[Python-Dev] Re: Sets: elt in dict, lst.include
Guido van Rossum
Mon, 29 Jan 2001 09:48:22 -0500
> > dict[key] = 1
> > if key in dict: ...
> > for key in dict: ...
> > No chance of a time-machine escape, but I *can* say that I agree that
> > Ping's proposal makes a lot of sense. This is a reversal of my
> > previous opinion on this matter. (Take note -- those don't happen
> > very often! :-)
> > First to submit a working patch gets a free copy of 2.1a2 and
> > subsequent releases,
> Thomas since submitted a patch to do the "if key in dict" part (which I
> reviewed and accepted, pending resolution of doc issues).
> It does not do the "for key in dict" part. It's not entirely clear whether
> you intended to approve that part too (I've simplified away many layers of
> quoting in the above <wink>). In any case, nobody is working on that part.
> WRT that part, Ping produced some stats in:
> > How often do you write 'dict.has_key(x)'? (std lib says: 206)
> > How often do you write 'for x in dict.keys()'? (std lib says: 49)
> > How often do you write 'x in dict.values()'? (std lib says: 0)
> > How often do you write 'for x in dict.values()'? (std lib says: 3)
> However, he did not report on occurrences of
> for k, v in dict.items()
> I'm not clear exactly which files he examined in the above, or how the
> counts were obtained. So I don't know how this compares: I counted 188
> instances of the string ".items(" in 122 .py files, under the dist/ portion
> of current CVS. A number of those were assignment and return stmts, others
> were dict.items() in an arglist, and at least one was in a comment. After
> weeding those out, I was left with 153 legit "for" loops iterating over
> x.items(). In all:
> 153 iterating over x.items()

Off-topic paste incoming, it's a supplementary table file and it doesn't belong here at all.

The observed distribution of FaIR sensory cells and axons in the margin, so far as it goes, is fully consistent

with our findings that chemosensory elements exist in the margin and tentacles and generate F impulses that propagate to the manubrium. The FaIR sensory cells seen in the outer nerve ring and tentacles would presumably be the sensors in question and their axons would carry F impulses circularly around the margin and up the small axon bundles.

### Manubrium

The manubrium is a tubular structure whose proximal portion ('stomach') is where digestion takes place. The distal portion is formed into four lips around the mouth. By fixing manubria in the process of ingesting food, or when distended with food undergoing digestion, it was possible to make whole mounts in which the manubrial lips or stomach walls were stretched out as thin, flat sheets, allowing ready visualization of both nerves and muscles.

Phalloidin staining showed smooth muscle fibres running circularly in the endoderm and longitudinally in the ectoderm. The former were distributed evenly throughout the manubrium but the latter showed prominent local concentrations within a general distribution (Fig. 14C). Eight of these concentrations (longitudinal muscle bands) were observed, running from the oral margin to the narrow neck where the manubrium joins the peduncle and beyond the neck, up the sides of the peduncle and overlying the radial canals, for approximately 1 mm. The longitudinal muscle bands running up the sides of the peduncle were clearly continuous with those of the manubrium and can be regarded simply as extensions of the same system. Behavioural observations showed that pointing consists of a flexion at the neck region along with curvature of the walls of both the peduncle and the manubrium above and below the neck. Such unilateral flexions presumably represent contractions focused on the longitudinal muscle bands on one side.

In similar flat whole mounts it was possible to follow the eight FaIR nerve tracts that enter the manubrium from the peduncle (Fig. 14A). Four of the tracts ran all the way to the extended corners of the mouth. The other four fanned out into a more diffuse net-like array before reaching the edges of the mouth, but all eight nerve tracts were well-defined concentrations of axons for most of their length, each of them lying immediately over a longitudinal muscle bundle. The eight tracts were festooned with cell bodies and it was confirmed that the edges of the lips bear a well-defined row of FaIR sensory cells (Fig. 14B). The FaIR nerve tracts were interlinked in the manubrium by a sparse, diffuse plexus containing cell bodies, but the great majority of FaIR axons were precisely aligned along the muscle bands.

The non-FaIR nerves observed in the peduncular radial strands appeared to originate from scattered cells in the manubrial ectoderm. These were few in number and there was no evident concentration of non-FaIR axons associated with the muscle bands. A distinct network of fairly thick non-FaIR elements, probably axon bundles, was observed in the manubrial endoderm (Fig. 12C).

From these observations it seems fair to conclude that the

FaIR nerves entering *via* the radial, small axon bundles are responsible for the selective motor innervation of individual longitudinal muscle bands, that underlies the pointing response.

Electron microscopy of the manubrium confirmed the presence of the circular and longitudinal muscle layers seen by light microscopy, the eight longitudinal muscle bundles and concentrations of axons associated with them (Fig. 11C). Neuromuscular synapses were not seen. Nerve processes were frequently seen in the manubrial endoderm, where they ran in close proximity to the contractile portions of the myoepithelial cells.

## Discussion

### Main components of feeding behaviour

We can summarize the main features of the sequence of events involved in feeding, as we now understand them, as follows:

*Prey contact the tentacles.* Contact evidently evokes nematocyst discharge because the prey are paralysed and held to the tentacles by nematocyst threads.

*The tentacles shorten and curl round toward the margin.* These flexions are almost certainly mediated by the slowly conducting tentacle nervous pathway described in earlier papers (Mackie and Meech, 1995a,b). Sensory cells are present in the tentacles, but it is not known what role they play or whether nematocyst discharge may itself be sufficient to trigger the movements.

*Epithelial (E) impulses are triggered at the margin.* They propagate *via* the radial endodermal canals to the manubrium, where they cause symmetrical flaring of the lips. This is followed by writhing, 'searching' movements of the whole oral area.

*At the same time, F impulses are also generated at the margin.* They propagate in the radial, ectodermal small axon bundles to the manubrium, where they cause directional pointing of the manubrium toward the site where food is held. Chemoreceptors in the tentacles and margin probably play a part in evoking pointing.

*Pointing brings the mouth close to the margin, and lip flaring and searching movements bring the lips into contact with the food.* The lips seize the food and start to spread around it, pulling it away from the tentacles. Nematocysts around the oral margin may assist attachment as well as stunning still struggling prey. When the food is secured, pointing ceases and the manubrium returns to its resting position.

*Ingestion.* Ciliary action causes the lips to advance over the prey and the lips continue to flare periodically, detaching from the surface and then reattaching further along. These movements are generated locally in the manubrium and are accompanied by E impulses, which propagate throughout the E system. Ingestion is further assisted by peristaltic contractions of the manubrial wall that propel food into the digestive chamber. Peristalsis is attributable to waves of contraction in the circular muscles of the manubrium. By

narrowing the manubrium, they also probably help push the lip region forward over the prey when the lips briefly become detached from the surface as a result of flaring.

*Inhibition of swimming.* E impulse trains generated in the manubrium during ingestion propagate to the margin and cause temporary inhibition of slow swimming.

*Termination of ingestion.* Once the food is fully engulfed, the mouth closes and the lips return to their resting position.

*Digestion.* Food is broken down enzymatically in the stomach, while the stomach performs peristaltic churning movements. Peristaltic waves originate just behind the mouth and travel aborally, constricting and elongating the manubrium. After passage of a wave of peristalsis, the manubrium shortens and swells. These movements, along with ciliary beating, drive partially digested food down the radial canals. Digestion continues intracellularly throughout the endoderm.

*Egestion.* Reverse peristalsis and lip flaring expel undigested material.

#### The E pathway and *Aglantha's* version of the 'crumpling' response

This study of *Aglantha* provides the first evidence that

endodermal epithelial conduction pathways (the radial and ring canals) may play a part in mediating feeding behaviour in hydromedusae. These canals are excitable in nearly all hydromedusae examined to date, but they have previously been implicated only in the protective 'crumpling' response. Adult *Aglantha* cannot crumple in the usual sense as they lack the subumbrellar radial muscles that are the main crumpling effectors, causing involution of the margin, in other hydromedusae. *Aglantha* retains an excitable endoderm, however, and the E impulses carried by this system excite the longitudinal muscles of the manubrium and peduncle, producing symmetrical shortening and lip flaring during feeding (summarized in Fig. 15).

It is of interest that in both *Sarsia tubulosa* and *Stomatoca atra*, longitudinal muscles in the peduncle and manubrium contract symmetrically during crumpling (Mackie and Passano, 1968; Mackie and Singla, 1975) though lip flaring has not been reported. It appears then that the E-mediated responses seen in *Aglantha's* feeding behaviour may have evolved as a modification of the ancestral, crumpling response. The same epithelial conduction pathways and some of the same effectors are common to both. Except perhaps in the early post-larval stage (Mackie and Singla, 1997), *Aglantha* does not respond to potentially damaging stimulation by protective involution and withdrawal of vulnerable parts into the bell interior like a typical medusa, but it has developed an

> 118 " over x.keys()
> 17 " over x.values()
> So I conclude that iterating over .values() is significantly more common
> than iterating over .keys().
I did a less sophisticated count but come to the same conclusion:
iterations over items() are (somewhat) more common than over keys(),
and values() are 1-2 orders of magnitude less common. My numbers:
$ cd python/src/Lib
$ grep 'for .*items():' *.py | wc -l
$ grep 'for .*keys():' *.py | wc -l
$ grep 'for .*values():' *.py | wc -l
> On c.l.py about an hour ago, Thomas complained that two (out of two) of his
> coworkers guessed wrong about what
> for x in dict:
> would do, but didn't say what they *did* think it would do. Since Thomas
> doesn't work with idiots, I'm guessing they *didn't* guess it would iterate
> over either values or the lines of a freshly-opened file named "dict"
I don't much value to the readability argument: typically, one will
write "for key in dict" or "for name in dict" and then it's obvious
what is meant.
> So if you did intend to approve "for x in dict" iterating over dict.keys(),
> maybe you want to call me out on that "approval post" I forged under your
But here's my dilemma. "if (k, v) in dict" is clearly useless (nobody
has even asked me for a has_item() method). I can live with "x in
list" checking the values and "x in dict" checking the keys. But I
can *not* live with "x in dict" equivalent to "dict.has_key(x)" if
"for x in dict" would mean "for x in dict.items()". I also think that
defining "x in dict" but not "for x in dict" will be confusing.
So we need to think more.
for key in dict: ... # ... over keys
for key:value in dict: ... # ... over items
This is syntactically unambiguous (a colon is currently illegal in
This also suggests:
for index:value in list: ... # ... over zip(range(len(list), list)
while doesn't strike me as bad or ugly, and would fulfill my brother's
(And why didn't we think of this before?)
--Guido van Rossum (home page: http://www.python.org/~guido/)